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This a list of work and repair categories that will eventually be covered. I have no particular specialty, so this list looks like a bad case of untreated ADHD. The BOLD RED items are working. These Handyman pages are an extention of my Tractor website. More topics will be published as I have time or take time to create them.

Start With the Right ATTITUDE

With a little information anyone can fix just about anything, most of the time.

OK, that will be very optimistic for some, and extremely pessimistic for others. So What! It's important to approach repairs with the right attitude. What is the right attitude?
Fact-1 Whatever it is, it's already broken. We probably need a new one.
Fact-2 Any attempt to repair it may only break it more thoroughly.
Fact-3 A repair done poorly will soon fail.
Fact-4 Whatever it is, this is NOT a unique problem. GOOGLE IT !

Attempting any repair should always be a learning experience. Go on-line and find out what others have done right or wrong when faced with the same problem. The World Wide Web has become an incredible treasure trove of information as long as we are patient enough to weed out the mis-information. Some people like video clips. OK if that works for you, but when I filter videos out of my search (-youtube) reliable information can be found much faster.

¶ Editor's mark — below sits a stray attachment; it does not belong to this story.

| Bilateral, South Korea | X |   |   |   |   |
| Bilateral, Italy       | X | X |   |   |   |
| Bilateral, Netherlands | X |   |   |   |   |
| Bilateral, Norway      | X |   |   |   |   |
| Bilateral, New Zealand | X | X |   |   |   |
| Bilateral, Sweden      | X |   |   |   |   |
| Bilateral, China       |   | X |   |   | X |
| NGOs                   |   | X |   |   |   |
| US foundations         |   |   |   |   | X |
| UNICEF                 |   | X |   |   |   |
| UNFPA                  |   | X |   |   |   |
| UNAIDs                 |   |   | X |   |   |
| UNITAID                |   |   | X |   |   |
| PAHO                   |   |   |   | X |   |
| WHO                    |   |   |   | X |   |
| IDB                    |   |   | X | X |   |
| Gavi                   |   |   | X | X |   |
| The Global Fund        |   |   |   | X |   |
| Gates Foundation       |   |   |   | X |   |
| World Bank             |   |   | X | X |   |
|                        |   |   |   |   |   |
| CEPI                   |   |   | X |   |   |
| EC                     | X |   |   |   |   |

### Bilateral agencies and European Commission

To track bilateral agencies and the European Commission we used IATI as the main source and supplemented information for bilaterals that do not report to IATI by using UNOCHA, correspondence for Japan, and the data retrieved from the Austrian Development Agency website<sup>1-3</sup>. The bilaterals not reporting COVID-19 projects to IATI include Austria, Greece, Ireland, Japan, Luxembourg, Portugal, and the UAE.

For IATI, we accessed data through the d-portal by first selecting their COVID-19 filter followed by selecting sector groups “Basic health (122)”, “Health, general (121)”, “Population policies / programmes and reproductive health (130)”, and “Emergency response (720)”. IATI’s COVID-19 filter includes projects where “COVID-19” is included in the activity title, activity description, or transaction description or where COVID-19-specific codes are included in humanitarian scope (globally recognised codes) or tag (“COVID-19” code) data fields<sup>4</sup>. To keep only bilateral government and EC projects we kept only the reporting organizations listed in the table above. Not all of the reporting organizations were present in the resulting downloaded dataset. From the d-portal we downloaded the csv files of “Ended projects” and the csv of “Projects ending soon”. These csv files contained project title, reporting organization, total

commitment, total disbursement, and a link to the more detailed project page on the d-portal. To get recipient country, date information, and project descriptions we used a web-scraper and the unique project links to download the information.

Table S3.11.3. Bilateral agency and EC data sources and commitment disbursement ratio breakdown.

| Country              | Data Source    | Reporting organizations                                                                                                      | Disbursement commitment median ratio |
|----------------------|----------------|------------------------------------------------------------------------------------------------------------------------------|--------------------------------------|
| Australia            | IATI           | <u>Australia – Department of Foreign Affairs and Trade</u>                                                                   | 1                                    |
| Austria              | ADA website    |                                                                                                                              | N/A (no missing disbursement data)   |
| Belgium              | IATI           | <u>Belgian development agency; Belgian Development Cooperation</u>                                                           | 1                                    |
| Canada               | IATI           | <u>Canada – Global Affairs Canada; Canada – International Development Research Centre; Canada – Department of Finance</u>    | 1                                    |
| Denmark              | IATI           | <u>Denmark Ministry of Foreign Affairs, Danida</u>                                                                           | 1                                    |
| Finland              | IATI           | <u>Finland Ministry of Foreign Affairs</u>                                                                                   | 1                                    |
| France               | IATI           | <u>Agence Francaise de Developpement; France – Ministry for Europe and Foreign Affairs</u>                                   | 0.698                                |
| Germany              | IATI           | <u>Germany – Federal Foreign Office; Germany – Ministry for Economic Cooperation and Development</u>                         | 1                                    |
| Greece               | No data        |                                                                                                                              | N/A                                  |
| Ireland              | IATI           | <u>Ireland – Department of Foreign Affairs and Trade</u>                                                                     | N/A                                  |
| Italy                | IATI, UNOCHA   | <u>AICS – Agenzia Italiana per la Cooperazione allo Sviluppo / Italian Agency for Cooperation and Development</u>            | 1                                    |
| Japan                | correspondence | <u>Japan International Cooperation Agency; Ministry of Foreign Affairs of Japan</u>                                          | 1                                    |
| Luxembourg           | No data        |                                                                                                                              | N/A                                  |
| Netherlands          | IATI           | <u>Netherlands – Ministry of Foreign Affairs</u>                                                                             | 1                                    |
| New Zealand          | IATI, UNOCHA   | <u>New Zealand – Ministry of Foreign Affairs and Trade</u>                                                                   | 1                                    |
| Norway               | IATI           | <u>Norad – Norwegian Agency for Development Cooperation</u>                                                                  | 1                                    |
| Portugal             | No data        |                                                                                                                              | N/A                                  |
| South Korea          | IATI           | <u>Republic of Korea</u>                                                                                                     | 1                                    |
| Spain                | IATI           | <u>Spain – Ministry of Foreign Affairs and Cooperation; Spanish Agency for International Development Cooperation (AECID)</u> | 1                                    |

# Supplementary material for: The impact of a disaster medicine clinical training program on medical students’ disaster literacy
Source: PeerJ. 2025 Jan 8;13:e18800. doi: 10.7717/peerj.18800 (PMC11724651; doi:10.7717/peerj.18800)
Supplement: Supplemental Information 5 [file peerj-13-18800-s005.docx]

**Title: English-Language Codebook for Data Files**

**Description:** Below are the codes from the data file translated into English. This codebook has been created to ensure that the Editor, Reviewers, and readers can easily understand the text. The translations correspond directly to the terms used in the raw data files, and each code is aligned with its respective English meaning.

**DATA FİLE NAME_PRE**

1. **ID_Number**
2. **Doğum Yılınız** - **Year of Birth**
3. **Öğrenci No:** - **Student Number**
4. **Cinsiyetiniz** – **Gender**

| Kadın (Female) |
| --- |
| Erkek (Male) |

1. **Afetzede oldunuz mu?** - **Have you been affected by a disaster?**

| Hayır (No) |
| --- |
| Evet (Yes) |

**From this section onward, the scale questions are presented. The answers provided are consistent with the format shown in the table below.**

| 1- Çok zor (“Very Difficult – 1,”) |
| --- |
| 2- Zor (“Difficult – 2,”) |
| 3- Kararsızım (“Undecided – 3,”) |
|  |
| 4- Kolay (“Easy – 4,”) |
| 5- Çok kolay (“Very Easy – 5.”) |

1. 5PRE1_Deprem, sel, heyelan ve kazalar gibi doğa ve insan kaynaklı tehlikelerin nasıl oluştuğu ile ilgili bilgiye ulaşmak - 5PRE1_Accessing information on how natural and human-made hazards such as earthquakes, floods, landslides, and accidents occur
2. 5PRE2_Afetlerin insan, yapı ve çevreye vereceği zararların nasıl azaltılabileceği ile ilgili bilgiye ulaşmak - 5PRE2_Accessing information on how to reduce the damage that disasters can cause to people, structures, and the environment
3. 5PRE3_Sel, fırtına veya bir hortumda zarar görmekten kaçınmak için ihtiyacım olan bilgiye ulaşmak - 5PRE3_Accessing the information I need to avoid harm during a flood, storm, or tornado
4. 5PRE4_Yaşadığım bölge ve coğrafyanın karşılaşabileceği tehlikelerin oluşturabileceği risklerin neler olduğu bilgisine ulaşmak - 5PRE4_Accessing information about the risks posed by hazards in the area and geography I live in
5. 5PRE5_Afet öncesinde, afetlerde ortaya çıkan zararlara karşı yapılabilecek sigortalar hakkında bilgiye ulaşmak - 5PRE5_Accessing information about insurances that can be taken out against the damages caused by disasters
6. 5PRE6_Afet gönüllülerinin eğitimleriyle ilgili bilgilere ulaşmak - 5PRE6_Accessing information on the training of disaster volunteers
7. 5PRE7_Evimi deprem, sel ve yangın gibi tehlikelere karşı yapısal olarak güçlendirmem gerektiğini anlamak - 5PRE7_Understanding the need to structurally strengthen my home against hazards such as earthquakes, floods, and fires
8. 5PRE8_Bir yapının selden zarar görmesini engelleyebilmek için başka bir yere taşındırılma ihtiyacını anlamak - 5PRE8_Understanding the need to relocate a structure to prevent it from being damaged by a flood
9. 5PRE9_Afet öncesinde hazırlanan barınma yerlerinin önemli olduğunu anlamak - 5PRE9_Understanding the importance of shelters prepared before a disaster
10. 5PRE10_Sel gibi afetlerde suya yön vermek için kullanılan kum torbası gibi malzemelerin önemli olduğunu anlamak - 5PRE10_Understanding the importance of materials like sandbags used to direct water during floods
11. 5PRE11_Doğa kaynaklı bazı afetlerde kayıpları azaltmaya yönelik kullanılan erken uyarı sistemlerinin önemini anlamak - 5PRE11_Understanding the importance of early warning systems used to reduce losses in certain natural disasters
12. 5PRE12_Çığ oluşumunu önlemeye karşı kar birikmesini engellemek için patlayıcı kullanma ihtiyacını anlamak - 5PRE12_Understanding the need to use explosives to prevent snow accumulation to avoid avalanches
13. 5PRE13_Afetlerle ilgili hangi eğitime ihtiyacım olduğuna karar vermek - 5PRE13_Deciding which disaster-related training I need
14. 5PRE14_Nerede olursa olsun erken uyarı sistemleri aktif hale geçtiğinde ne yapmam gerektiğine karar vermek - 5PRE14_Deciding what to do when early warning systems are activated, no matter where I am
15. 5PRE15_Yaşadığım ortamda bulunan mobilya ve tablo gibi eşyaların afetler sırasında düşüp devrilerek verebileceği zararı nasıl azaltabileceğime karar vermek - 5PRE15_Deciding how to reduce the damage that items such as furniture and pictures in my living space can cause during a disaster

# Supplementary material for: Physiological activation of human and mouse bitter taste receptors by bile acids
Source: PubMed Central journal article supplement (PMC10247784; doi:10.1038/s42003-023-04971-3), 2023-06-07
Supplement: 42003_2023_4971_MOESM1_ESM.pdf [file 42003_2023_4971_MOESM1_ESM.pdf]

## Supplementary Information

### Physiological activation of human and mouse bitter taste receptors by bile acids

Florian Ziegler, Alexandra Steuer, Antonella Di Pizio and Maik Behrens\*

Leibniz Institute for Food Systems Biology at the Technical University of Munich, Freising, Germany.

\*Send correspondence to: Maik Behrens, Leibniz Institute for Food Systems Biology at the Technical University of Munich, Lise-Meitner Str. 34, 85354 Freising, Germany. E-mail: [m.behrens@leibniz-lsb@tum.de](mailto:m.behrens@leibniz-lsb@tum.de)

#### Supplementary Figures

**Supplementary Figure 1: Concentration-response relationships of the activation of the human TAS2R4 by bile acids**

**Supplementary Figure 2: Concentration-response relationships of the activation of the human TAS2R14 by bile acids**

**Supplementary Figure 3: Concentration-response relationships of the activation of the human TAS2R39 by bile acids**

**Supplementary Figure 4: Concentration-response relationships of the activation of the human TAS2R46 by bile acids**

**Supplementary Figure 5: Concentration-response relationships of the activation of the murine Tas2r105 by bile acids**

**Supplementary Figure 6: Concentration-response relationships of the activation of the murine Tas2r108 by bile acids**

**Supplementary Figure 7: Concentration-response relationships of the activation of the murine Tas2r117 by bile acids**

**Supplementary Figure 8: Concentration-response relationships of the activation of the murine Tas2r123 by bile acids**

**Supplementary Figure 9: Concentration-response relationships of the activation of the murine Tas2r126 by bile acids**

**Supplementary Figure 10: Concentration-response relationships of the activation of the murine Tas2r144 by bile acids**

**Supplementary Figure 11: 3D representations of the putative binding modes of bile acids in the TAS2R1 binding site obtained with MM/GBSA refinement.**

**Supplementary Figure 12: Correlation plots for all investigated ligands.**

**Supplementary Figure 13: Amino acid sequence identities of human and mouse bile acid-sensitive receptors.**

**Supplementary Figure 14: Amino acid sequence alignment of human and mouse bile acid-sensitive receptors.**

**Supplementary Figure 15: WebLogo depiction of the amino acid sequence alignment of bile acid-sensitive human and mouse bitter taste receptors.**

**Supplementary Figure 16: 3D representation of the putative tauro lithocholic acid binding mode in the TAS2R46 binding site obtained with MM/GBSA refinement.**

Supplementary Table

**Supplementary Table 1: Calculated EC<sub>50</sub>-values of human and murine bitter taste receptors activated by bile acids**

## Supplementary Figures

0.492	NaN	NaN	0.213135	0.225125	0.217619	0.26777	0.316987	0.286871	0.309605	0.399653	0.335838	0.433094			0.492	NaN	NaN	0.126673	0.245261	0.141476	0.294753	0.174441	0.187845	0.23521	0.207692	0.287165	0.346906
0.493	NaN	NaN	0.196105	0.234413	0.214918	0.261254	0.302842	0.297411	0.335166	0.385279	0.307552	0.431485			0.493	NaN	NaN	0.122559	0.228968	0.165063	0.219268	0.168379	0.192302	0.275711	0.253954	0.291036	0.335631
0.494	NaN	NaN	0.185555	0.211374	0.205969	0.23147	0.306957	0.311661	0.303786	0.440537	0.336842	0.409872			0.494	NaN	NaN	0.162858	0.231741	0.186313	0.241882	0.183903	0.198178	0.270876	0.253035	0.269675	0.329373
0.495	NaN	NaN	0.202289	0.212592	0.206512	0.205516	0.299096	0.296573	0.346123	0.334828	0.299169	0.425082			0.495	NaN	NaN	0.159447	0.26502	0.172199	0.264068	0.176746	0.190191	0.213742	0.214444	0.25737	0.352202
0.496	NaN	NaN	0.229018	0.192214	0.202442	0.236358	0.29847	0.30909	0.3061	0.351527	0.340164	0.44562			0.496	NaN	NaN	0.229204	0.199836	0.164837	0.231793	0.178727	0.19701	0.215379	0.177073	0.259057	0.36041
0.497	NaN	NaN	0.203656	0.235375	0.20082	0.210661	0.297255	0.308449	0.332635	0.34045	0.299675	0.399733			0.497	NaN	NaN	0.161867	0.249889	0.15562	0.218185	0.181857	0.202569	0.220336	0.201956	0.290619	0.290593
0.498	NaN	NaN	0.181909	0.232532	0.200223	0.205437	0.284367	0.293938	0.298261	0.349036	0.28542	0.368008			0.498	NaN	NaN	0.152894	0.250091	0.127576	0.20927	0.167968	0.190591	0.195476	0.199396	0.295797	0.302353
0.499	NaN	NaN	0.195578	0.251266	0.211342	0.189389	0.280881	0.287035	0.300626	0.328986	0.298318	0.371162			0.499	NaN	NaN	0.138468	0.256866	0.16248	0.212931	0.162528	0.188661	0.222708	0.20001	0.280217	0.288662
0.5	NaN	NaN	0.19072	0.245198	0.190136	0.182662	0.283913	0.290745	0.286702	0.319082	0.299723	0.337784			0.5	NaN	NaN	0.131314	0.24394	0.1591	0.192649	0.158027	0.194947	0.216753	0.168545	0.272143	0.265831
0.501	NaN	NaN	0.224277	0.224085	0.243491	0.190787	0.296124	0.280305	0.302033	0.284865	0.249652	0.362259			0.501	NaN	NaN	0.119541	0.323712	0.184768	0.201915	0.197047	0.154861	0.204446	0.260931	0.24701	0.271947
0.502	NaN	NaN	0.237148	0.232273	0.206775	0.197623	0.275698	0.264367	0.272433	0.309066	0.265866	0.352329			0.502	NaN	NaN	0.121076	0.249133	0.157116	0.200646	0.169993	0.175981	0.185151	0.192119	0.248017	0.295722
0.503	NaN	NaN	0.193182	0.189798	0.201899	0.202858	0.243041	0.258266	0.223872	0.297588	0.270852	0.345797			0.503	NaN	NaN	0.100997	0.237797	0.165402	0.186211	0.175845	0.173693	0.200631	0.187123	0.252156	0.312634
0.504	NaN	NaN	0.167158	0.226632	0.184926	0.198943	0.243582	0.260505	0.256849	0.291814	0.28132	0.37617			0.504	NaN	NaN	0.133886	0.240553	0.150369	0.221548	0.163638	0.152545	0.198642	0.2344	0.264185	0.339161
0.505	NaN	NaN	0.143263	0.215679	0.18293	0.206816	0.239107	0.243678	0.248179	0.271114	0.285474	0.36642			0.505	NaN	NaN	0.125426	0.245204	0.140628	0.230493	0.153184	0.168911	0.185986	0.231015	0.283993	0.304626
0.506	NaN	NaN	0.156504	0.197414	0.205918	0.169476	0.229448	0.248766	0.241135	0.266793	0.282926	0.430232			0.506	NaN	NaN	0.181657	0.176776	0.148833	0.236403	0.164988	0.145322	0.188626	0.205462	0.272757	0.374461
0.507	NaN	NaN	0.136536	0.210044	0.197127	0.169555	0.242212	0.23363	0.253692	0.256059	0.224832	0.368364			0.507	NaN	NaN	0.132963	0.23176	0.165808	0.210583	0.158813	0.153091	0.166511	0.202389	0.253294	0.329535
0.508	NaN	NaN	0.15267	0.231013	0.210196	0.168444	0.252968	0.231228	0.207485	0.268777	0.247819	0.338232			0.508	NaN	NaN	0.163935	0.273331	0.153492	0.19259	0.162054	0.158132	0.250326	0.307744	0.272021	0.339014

Poor quality tools handled by people unaware of the damage they can do have doomed many repairs. Failures are part of the learning process. If there's a knack to doing repairs, it's taking care not to make the problem worse. Let's look at one of the simplest tools, the flat blade screwdriver. Is the blade rounded? Is it the correct size for the fastener? Failures are often caused by very simple things. A screwdriver that does not fit tight in the slot and closely match the length of the slot is the wrong screwdriver.

Doing work yourself is an excuse to buy tools! Start small, buy the best tools you can, learn to properly use them, and take care of them.

"Good Tools" do not have to be the most expensive. I often get very good service out of "homeowner" grade tools. I favor Craftsman and Stanley Hand Tools, Black and Decker Cordless Tools, Delta Stationary Saws and Sanders. These have all given great service, for the money spent. I apologize if your favorite brand isn't listed here. There are certainly some brands that are better quality. I don't dispute that. However, I cannot recommend more expensive tools when something moderately-priced, will work just fine for the typical weekend warrior.